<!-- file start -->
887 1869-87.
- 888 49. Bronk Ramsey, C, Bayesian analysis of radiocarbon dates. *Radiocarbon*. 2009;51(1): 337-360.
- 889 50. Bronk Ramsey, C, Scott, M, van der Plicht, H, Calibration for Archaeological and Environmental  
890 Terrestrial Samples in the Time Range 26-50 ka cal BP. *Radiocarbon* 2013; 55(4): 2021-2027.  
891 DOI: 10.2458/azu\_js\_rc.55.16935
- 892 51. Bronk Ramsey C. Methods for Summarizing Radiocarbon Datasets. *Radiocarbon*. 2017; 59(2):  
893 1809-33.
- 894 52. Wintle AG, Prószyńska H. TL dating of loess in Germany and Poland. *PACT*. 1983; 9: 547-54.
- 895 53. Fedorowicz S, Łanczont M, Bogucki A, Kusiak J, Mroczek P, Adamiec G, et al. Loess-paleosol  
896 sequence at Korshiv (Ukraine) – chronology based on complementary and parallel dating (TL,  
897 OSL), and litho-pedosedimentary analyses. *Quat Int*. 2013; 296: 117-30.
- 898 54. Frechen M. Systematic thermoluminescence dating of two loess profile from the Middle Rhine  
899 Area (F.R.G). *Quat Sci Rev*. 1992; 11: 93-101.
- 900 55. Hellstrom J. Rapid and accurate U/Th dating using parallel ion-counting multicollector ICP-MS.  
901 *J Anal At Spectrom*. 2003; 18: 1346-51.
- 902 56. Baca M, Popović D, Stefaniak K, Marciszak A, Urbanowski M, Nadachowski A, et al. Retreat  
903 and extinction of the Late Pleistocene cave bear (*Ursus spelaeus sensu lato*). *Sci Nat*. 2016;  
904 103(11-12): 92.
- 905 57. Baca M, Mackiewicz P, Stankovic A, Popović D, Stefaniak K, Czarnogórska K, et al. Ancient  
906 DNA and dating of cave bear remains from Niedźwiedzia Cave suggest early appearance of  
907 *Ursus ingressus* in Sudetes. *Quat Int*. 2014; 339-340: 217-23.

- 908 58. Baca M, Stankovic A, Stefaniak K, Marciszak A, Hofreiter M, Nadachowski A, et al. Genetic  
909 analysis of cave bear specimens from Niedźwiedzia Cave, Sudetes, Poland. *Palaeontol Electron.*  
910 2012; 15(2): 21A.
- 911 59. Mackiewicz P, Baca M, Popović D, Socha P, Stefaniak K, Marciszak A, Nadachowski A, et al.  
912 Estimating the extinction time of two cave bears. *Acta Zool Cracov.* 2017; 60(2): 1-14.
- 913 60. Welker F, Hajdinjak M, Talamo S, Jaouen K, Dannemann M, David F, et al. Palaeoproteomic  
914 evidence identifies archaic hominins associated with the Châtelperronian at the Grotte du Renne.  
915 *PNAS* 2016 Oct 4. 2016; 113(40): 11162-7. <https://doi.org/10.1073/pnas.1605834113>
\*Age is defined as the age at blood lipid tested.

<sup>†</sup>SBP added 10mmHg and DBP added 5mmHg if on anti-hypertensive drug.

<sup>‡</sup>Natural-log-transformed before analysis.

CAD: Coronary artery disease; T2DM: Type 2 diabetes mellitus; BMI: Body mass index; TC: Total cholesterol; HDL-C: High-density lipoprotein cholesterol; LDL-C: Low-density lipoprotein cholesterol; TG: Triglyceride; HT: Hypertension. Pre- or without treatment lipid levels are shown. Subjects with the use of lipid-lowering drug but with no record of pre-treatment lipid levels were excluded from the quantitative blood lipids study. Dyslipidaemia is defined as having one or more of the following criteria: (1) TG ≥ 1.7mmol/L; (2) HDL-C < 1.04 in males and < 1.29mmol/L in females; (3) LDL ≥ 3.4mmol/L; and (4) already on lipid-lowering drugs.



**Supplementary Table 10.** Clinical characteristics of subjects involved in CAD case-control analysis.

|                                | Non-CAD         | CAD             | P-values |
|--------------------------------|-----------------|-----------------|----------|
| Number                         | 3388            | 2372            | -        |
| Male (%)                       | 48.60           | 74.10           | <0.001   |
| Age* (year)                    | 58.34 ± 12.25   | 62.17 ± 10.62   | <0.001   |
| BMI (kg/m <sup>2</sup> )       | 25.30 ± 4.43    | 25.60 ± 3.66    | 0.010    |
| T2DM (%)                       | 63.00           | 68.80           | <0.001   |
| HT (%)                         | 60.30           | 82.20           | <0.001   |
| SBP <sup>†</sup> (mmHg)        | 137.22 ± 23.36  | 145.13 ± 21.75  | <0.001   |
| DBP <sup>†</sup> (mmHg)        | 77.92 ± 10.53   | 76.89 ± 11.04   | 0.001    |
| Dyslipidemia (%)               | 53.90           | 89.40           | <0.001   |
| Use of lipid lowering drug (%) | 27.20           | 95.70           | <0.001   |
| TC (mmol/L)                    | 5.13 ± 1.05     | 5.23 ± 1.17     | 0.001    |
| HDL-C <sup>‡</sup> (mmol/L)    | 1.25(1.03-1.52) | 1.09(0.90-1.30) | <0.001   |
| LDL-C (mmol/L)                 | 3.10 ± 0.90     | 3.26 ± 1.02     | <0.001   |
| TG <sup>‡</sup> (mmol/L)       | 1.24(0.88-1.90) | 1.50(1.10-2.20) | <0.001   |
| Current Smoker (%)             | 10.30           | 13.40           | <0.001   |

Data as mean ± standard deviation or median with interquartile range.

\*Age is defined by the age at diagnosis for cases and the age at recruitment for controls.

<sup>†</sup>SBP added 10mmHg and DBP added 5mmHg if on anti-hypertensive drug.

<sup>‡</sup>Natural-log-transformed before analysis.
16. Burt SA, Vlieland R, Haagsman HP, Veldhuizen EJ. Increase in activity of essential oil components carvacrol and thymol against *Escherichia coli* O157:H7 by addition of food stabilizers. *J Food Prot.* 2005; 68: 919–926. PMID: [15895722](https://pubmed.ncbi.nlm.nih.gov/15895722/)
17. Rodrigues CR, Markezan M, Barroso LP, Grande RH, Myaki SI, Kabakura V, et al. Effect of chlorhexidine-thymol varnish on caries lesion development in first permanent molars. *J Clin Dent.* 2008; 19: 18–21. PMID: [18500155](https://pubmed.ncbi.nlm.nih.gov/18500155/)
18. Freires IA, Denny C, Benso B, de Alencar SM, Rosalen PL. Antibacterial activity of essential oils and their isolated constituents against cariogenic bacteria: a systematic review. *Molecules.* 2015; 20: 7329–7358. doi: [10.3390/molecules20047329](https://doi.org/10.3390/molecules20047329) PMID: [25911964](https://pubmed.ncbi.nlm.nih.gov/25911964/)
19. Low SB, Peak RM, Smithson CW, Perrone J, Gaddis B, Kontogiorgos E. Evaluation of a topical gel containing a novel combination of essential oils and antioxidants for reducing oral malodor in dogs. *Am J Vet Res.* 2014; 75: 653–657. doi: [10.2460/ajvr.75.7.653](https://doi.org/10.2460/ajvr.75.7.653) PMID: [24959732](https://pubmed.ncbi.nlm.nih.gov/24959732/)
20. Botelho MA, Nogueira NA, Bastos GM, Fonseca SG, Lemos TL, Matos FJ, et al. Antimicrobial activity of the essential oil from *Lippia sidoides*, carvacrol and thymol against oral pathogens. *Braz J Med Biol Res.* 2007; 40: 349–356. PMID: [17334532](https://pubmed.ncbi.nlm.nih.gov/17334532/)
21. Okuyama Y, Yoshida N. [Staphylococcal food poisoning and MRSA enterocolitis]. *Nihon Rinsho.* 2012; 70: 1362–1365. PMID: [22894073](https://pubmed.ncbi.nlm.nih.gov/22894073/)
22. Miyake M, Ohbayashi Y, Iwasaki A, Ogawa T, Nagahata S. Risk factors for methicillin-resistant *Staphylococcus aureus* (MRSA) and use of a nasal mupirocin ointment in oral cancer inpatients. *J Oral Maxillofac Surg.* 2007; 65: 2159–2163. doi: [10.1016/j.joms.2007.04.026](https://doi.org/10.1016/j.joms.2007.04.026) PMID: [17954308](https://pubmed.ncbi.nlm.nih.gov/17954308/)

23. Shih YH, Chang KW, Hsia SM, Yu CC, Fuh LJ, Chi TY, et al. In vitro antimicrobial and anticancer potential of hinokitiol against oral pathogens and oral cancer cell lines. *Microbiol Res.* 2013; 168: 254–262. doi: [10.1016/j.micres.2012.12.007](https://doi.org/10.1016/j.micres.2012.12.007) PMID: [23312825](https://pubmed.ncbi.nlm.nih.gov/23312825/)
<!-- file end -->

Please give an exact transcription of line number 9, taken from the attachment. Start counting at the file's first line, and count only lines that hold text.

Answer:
- 895 53. Fedorowicz S, Łanczont M, Bogucki A, Kusiak J, Mroczek P, Adamiec G, et al. Loess-paleosol  